Earlier in December, a group of activists in Oklahoma filed a petition to legalize recreational marijuana. The initiative was filed suddenly, without warning to other groups that might have wanted to be involved in such a venture. After hearing of concerns over the ballot initiative’s language and how the new law could affect the current medical marijuana program, Michelle Tilley and Ryan Kiesel pulled State Question 806 and submitted revised language, resulting in State Question 807, which is now pending signature gathering approval.
“The new ballot initiative strengthens the language of the previously filed initiative to ensure that we are crystal clear that this program does not adversely affect the current Oklahoma medical marijuana industry or its patients,” campaign spokesperson Michelle Tilley said in a press release.
The measure is backed by various local reform organizations, as well as the national group New Approach PAC. After careful revisions, the measure now includes very specific protections – and benefits – for the medical marijuana businesses and patients that already exist. For the first two years after the law goes into effect, it would give medical marijuana businesses the exclusive right to recreational licenses.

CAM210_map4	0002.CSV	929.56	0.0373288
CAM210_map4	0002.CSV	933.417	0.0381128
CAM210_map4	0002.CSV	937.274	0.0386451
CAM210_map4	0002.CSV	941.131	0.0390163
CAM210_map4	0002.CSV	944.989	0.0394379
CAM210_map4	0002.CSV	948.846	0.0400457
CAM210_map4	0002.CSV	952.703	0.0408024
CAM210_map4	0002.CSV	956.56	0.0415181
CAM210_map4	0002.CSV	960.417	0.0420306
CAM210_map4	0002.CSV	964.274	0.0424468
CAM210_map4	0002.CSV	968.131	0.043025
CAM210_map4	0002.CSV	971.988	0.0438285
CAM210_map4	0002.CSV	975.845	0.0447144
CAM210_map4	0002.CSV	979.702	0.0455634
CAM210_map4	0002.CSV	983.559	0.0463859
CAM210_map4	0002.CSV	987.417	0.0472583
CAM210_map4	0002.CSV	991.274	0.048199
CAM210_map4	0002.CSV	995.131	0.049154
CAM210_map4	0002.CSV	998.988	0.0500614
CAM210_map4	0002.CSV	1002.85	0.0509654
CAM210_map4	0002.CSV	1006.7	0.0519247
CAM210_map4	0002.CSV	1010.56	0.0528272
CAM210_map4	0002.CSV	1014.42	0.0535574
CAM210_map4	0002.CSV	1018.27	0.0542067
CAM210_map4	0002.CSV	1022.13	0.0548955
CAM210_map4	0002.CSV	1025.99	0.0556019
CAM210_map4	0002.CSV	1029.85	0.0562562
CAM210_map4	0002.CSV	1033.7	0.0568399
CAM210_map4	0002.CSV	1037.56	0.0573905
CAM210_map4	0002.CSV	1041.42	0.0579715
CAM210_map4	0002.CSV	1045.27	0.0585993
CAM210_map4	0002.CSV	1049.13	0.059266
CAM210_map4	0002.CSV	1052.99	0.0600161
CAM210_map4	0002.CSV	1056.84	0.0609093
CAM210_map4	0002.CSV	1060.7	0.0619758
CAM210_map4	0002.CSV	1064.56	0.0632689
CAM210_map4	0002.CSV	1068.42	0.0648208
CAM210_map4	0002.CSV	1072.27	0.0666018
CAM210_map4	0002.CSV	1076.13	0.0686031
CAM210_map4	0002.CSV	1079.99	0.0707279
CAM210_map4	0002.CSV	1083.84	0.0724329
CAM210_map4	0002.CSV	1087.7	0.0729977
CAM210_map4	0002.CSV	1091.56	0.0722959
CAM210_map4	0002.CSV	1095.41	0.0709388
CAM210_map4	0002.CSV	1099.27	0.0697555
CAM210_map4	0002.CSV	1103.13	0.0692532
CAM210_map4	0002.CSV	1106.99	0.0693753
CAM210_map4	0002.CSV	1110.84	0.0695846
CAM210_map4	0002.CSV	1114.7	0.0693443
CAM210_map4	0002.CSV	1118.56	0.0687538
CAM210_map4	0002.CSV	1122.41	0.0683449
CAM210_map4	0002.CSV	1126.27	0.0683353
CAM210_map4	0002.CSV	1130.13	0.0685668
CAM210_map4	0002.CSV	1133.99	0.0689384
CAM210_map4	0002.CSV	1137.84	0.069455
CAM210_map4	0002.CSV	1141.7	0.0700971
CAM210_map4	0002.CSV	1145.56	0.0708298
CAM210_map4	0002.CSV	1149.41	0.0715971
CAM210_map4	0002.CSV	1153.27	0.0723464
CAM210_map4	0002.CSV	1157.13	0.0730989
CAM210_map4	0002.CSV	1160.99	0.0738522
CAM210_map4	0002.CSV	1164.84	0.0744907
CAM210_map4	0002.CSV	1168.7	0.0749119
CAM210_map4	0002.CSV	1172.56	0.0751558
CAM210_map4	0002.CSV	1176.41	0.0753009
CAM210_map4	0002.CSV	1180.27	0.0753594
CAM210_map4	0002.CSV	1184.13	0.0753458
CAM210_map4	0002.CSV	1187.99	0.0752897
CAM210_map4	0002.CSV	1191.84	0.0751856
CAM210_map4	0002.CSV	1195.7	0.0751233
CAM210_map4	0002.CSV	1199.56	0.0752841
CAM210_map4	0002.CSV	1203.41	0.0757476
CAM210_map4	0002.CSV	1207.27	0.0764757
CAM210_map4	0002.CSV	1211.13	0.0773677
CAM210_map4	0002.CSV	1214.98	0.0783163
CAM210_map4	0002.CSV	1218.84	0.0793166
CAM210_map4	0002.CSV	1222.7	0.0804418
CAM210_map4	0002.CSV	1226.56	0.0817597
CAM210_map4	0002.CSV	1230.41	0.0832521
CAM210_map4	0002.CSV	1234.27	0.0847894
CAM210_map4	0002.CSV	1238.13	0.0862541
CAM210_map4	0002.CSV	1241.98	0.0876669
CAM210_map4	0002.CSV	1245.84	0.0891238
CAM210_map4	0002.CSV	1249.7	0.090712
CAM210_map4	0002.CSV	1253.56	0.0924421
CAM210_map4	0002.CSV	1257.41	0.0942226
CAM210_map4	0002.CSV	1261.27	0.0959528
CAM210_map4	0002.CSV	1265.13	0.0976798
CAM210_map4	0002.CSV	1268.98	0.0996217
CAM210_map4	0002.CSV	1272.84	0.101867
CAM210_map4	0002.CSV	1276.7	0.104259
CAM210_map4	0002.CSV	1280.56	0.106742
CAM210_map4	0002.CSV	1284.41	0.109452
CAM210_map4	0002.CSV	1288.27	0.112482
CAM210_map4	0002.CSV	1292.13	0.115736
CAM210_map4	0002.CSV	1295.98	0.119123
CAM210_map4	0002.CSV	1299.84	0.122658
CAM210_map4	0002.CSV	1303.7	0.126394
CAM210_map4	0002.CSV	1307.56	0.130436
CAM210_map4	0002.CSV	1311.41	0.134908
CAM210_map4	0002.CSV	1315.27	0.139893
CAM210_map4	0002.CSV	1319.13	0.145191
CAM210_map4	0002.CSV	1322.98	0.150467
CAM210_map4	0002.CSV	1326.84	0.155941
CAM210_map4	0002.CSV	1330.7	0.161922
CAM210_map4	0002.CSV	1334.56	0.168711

“While we did not foresee any issues with our original language, we are strong supporters of Oklahoma’s medical marijuana programs and we felt it was worthwhile to eliminate any uncertainty.”
Aside from amending the initiative to include language specific to protecting the existing medical industry, little has changed. The bill will still legalize marijuana for adults 21 and older, allowing for the possession of up to an ounce and the right to cultivate up to six mature plants and six seedlings at once. The excise tax expected is still 15 percent – specifying that it would not apply to medical marijuana – with revenue going toward implementation costs, public schools, drug treatment programs and other public services.
The activists working on the petition seem confident in their ability to gather the needed 178,000 signatures within the allotted 90-day window once they receive approval from the Secretary of State. This was not the only petition filed recently, though it does appear to be the one with the best shot at reaching the needed number of signatures in time. If they can meet that goal, then there does seem to be potential for enough support from voters to see adult-use legalization passing only 2 short years after voters legalized medical marijuana.